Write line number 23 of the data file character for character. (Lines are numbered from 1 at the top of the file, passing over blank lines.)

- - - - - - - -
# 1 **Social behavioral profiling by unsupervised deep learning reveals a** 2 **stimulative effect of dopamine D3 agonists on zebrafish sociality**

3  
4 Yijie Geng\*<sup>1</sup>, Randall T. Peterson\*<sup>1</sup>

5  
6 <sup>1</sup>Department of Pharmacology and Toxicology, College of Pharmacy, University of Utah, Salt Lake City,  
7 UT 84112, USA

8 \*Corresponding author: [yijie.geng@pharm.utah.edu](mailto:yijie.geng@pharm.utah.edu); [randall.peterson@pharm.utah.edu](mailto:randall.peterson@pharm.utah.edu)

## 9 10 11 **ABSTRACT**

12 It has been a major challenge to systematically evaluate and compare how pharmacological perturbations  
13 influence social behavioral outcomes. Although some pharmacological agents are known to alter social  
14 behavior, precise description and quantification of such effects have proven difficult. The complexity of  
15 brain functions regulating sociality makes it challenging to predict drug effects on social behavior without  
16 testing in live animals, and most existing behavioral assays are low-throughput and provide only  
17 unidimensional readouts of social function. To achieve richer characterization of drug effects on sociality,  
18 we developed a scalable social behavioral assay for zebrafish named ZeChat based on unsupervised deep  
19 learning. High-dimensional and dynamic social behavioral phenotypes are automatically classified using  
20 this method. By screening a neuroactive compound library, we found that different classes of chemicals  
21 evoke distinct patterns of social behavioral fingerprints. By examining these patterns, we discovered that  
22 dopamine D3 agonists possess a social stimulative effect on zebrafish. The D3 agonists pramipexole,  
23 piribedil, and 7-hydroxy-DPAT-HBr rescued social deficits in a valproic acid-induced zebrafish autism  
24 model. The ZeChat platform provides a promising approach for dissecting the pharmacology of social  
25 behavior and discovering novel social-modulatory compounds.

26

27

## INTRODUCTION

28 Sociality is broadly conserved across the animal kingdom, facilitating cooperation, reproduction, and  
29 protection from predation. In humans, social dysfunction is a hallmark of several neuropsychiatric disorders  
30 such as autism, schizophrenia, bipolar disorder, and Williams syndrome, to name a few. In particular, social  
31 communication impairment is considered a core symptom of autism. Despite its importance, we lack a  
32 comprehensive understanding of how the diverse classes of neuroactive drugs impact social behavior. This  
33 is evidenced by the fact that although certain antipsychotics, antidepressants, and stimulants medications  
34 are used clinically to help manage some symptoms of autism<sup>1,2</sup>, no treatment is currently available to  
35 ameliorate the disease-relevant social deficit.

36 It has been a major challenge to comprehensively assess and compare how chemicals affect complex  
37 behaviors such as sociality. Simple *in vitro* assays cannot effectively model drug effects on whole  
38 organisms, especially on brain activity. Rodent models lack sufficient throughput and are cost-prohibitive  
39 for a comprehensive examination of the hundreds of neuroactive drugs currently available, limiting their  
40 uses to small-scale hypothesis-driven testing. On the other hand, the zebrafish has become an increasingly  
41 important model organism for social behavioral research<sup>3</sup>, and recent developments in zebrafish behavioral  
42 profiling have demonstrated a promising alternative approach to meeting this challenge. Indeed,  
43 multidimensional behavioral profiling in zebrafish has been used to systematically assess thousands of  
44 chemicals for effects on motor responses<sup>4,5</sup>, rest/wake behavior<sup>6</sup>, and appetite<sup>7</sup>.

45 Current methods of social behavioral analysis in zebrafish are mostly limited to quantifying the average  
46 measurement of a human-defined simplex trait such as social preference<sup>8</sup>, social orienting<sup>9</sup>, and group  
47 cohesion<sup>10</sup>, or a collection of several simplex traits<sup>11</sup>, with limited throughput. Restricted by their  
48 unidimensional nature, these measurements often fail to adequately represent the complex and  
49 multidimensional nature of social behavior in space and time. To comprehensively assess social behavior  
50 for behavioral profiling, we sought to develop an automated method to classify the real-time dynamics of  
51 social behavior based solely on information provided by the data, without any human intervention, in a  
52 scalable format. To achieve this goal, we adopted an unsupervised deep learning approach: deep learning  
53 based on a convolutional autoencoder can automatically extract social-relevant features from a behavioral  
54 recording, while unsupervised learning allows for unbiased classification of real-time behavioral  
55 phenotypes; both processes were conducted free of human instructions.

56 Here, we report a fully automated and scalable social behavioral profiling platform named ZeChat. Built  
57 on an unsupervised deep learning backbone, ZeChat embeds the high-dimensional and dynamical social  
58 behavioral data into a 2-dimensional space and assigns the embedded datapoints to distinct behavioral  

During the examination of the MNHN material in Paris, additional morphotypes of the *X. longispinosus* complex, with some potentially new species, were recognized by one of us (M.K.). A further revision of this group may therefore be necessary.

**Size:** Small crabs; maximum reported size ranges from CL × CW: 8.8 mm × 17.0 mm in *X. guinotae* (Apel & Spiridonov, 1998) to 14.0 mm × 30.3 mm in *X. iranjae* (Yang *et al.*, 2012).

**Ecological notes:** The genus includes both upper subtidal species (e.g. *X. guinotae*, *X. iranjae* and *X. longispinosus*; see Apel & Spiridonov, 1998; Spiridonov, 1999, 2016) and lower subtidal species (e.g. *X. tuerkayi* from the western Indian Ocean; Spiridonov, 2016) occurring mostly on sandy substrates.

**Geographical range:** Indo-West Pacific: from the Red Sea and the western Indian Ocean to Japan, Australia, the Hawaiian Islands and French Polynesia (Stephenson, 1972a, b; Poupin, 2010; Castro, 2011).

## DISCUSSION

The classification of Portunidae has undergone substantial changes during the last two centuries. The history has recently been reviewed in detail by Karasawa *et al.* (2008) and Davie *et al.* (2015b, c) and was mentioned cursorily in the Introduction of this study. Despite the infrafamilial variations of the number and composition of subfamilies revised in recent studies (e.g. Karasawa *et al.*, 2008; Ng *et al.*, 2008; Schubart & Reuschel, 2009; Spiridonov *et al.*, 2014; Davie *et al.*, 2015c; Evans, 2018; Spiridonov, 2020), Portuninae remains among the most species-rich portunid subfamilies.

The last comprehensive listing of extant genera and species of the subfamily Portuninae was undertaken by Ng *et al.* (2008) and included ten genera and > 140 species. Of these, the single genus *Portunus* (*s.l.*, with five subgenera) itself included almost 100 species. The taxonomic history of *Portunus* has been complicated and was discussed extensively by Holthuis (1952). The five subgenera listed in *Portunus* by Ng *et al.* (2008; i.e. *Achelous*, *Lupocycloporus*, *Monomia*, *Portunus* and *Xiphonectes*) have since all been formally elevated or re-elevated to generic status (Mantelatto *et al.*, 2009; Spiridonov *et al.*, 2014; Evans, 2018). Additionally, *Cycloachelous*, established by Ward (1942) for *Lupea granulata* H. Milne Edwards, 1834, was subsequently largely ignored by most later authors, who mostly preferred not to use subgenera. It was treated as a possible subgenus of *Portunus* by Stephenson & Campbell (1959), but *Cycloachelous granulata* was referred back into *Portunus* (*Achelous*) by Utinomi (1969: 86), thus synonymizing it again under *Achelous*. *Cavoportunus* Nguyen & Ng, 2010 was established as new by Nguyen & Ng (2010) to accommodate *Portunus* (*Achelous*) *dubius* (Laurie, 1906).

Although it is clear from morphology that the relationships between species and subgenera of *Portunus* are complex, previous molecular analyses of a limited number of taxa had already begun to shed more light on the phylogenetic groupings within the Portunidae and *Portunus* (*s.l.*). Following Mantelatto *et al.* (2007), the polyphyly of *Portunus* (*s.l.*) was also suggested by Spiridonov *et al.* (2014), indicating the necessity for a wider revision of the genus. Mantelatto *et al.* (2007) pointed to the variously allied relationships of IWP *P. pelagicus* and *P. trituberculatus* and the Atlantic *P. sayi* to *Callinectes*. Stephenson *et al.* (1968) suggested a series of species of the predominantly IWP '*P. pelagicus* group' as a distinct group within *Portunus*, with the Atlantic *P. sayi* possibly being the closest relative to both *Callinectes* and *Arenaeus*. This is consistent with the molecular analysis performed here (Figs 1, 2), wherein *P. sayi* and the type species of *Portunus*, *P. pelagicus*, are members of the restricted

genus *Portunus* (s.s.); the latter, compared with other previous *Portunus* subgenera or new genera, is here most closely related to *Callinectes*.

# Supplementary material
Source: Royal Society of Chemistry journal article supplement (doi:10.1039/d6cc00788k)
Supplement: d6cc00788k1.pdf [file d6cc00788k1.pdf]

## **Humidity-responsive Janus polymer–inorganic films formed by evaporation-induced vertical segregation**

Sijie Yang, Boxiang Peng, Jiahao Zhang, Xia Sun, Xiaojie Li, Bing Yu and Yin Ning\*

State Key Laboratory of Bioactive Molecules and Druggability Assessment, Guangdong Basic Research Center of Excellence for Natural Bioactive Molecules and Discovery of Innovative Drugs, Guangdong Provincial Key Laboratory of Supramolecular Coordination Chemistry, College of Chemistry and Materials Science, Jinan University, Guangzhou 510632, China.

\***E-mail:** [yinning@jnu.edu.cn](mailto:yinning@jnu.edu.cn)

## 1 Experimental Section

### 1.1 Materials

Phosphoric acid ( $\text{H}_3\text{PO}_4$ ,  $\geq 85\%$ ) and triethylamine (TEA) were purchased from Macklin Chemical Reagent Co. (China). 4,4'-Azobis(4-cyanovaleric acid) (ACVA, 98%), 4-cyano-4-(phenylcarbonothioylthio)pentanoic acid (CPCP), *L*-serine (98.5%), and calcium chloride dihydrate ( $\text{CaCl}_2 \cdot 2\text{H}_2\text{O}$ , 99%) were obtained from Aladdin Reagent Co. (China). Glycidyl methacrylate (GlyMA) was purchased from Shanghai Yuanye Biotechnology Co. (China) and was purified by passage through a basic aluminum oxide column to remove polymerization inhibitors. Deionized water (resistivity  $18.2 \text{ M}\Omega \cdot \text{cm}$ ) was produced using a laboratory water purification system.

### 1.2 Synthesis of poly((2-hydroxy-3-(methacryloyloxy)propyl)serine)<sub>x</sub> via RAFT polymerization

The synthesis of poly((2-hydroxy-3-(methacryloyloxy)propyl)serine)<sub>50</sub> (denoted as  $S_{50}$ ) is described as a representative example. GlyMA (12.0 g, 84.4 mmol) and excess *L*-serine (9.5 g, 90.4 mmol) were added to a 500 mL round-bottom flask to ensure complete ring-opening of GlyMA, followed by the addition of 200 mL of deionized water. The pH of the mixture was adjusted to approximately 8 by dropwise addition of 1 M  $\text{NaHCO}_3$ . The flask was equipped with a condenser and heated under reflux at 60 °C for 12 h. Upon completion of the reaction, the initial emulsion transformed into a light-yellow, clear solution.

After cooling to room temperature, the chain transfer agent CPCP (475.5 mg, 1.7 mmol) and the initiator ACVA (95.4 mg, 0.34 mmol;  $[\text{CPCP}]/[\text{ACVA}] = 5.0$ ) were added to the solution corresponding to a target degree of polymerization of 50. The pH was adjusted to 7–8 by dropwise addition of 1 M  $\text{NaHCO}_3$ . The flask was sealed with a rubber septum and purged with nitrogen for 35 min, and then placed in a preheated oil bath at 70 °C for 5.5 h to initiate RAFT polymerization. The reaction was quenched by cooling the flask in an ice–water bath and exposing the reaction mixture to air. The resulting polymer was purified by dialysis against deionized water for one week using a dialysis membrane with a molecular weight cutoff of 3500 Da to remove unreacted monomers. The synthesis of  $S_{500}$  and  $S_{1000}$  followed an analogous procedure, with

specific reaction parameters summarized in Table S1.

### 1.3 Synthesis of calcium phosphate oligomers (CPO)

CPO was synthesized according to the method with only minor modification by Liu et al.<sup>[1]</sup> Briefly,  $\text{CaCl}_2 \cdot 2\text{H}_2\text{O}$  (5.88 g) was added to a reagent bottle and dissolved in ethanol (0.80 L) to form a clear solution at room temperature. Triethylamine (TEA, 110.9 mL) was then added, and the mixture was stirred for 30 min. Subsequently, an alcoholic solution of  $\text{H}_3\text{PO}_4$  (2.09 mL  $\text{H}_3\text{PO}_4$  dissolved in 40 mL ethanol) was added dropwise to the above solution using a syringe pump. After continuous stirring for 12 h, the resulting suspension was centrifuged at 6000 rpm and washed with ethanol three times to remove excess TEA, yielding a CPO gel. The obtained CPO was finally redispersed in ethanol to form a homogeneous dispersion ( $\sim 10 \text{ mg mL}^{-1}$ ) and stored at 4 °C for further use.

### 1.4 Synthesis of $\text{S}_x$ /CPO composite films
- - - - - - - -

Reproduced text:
26